The Richard Donner cut instead begins with Lois starting to figure out that Clark might be Superman, by seeing both Clark in person and a picture of Superman in the paper at the same time, and amusingly drawing glasses and a hat on Superman’s picture. She’s so convinced already that she jumps out the window, daring Clark to save her. It’s an amusing scene where Clark has to save her without revealing himself, that actually includes some freshly filmed footage just for this release with papers flying all around after he uses super speed to leave the Daily Planet offices. Also in this version, it’s one of the rockets from the first movie that releases Zod’s crew.
For the most part, the versions merge for the next while, but there are clear tone and pacing differences between the two versions. The Donner cut aims for a quicker pace, using shots that imply Lois already knows that Clark is Superman, while the Lester cut tends to take its time, and shows Lois beginning to figure out her co-reporter’s secret. The Donner cut does a much better job at explaining the story and character motivations. The Lester cut tends to focus more on comedy, but also gives us a scene where Lois jumps into rapids to try to prove that Clark is Superman. This scene arguably works better overall than jumping out of the building in the Donner cut.
Probably the most controversial difference is the scene where Lois finds out for sure that Clark is Superman. I’ll just show you both scenes from YouTube. First, the theatrical cut.
Now for the Donner cut.
There’s actually a lot of debate online over which version is better. Both are well acted and both are fairly well-written. The biggest weakness with the Donner cut, and you didn’t see it in this short clip, is that Reeve’s hairstyle and glasses change several times. That’s actually from test footage from a scene they were never able to complete. But overall, I prefer the Donner cut version. It shows Lois’s intelligence, it’s more amusing (despite Lester’s cut generally leaning more towards comedy), and there’s not as much to question as to whether Clark intentionally tripped or not.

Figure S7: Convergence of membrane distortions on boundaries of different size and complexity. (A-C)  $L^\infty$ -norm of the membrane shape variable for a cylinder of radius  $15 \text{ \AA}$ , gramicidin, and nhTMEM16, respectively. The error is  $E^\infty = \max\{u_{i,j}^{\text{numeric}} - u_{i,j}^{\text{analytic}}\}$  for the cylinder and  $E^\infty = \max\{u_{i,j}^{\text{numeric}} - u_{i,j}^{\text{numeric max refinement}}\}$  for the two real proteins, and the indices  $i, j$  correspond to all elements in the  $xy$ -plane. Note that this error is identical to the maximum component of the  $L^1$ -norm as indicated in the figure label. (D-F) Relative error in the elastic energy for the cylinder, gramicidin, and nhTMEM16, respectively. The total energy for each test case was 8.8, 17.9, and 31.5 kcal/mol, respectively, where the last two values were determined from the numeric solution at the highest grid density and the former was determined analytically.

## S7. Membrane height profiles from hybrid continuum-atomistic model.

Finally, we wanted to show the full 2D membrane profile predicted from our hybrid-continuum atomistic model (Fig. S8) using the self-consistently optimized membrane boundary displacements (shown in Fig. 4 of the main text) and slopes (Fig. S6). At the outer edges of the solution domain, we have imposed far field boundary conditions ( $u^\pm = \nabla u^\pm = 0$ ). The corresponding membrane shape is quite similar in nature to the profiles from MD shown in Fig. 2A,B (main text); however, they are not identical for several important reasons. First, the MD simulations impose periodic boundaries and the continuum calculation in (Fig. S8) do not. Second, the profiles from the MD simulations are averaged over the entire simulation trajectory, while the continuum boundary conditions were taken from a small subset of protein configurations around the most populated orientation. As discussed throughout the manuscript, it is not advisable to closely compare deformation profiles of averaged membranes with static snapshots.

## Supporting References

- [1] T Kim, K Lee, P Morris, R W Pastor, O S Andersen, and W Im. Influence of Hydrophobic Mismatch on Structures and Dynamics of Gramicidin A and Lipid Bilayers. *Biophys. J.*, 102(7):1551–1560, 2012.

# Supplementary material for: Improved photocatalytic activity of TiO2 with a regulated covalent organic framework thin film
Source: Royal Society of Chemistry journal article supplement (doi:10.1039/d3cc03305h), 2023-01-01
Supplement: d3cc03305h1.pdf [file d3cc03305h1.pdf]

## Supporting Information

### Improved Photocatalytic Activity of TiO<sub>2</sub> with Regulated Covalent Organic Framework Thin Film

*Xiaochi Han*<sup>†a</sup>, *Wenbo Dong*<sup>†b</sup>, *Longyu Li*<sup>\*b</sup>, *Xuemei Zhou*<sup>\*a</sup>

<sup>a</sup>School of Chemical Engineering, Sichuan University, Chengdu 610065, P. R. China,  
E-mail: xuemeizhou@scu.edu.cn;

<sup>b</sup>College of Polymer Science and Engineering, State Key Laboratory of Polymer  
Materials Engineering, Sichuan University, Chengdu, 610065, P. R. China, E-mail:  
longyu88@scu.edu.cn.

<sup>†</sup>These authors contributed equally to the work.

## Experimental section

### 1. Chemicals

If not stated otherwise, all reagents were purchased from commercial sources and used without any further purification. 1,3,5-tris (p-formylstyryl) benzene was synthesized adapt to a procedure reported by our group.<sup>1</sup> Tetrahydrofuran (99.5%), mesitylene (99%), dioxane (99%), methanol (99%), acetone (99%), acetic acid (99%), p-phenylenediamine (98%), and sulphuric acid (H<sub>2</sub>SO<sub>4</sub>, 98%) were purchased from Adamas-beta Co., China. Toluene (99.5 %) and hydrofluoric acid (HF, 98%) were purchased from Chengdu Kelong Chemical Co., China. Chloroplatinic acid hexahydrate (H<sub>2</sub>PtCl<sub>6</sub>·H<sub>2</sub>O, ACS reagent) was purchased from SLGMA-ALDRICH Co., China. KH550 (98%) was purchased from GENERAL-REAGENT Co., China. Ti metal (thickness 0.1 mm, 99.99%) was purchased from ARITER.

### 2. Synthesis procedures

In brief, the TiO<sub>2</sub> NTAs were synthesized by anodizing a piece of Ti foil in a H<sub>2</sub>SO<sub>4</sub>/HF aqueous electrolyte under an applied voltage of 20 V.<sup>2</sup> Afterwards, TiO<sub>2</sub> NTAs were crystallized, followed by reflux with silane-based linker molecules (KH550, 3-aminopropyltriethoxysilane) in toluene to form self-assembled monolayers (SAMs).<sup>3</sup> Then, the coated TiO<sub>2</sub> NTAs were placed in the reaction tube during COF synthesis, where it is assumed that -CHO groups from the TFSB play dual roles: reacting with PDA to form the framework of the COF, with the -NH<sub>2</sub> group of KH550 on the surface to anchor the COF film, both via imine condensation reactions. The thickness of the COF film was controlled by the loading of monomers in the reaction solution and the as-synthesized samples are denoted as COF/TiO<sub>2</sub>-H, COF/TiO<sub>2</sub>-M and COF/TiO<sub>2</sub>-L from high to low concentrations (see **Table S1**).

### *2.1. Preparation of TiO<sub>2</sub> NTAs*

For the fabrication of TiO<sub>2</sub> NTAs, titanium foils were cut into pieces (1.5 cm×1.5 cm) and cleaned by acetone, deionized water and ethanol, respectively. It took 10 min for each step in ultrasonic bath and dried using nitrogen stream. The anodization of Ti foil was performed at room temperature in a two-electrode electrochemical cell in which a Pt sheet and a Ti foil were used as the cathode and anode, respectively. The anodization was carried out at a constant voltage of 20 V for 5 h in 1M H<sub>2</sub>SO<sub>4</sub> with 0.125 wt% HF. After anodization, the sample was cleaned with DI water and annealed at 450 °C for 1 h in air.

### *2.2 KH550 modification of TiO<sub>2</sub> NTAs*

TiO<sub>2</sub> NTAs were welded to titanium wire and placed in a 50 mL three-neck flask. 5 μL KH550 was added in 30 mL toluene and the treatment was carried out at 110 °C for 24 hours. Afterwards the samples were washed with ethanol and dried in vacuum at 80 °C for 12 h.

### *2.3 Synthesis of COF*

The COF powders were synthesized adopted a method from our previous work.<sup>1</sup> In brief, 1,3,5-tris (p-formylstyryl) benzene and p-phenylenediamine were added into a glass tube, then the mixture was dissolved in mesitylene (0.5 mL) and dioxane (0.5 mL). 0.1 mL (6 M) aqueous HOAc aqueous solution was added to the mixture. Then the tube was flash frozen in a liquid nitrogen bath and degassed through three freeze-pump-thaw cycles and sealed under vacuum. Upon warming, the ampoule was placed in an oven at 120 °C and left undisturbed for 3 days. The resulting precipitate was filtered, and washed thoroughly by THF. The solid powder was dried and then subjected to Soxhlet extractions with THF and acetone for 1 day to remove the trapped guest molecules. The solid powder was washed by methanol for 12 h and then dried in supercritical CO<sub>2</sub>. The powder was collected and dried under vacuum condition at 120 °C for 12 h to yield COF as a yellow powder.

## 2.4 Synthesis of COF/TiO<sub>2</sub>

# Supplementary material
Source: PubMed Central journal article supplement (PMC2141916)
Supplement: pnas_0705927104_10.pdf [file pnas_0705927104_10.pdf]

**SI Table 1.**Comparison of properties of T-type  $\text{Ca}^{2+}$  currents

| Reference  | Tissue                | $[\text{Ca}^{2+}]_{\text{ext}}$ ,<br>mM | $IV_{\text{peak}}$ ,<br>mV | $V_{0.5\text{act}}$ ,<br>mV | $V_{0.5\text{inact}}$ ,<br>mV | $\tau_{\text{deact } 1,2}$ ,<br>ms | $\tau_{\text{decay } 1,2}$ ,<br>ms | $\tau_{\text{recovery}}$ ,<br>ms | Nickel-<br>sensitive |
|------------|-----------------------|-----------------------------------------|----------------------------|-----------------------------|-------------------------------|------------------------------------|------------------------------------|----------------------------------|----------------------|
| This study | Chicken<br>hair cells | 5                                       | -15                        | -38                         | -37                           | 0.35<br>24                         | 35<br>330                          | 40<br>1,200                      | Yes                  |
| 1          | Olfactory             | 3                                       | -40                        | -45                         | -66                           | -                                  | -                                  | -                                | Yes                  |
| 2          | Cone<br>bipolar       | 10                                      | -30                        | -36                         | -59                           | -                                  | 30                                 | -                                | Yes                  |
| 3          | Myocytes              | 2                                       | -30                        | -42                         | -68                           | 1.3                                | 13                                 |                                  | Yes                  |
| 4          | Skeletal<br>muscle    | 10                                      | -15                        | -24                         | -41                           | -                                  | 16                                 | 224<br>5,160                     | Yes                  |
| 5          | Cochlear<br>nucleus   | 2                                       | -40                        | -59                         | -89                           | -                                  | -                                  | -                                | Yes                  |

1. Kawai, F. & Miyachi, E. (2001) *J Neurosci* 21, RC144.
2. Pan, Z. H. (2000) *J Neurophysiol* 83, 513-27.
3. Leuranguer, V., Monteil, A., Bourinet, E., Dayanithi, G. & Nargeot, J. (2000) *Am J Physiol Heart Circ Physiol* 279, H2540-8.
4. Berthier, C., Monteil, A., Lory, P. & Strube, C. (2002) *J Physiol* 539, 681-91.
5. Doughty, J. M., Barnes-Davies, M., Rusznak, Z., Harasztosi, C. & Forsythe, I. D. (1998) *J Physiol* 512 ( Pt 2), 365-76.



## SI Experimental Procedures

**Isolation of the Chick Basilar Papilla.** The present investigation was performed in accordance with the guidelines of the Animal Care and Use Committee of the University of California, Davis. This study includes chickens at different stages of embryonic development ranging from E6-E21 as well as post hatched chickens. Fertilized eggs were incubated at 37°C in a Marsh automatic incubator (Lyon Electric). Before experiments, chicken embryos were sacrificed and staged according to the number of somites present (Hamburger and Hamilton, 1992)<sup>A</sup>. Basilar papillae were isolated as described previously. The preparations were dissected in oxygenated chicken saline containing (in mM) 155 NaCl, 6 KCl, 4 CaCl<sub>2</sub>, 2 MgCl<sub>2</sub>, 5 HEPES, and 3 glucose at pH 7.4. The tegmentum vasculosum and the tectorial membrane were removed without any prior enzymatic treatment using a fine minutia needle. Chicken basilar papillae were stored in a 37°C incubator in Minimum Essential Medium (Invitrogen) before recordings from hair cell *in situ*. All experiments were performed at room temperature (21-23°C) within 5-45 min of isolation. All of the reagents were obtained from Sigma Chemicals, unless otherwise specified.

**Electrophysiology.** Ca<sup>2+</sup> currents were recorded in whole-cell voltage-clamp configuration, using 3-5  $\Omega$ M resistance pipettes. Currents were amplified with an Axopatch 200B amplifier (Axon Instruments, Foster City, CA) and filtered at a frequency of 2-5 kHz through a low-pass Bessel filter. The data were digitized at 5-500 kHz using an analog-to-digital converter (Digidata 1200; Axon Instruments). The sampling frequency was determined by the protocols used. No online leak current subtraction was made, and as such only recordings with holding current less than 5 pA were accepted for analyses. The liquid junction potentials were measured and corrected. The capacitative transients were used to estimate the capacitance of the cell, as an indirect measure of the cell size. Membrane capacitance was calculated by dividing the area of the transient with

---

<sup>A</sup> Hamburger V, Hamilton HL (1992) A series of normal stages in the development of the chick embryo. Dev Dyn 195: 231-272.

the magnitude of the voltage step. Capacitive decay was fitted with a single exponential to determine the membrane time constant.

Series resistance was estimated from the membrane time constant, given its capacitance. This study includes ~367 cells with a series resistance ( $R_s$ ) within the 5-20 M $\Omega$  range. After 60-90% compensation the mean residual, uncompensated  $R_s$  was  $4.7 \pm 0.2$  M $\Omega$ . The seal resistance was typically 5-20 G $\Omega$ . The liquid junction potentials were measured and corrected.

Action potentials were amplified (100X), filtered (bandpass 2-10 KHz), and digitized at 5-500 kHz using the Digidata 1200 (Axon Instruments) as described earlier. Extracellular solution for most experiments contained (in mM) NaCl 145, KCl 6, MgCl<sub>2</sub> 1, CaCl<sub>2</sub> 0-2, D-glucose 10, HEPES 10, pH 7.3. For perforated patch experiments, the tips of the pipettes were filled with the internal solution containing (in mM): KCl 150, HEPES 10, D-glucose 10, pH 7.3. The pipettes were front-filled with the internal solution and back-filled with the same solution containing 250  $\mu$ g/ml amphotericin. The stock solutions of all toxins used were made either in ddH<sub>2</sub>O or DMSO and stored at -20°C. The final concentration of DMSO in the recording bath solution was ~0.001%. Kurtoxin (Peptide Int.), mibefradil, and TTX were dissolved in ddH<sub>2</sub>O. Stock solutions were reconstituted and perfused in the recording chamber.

Another major difference between the two versions is the footage with Zod’s trio. The Lester version keeps making Non (Jack O’Halloran) grunt, and he sometimes acts like a child. He also has a number of scenes where he’s struggling to figure out his abilities. It makes him seem less threatening. In the Donner version, he’s silent and generally more brutal in fight scenes. He feels like much more of a genuine threat. The White House attack in the Donner version is longer and more violent, even showing Zod grinning as he grabs a machine gun and starts mowing down security guards and soldiers. It’s a great addition that’s both entertaining and terrifying.
Probably the most significant difference between the two versions is how Clark regains his powers. Both scenes are good on their own. The Lester version shows Clark arriving at the Fortress of Solitude all alone, searching for answers but getting nothing. He eventually finds the glowing crystal that created the fortress in the first place. But that’s where the scene ends. In the Donner cut, it cuts straight to Clark having one last conversation with his Kryptonian father. He actually needs to sacrifice something in order to regain his powers. The crystal contains everything that remains of his father, and to regain his powers, his father must give him all of his remaining energy. There’s a direct price involved, and it works much better on a thematic and dramatic level. Here’s the clip.
The fight between Superman and the three villains is also quite different. The pacing is faster in the Donner cut. The scope of the fight feels bigger because of the different backgrounds used. The reaction shots emphasize the intensity of the fight better. But most importantly, the Donner cut slashes a lot of the sight gags that are present the Lester version. For example, there’s a moment where the villains are blowing air at a bunch of people, knocking them back and even moving cars with hurricane force winds. There are a number of joke shots like a man losing his toupee, someone losing their ice cream, and some guy who’s talking in a phone booth, and continues talking even after he’s knocked down. The Donner cut removes as many of the gags as possible. He gives the scene a faster pace, a bigger scope and a more serious tone.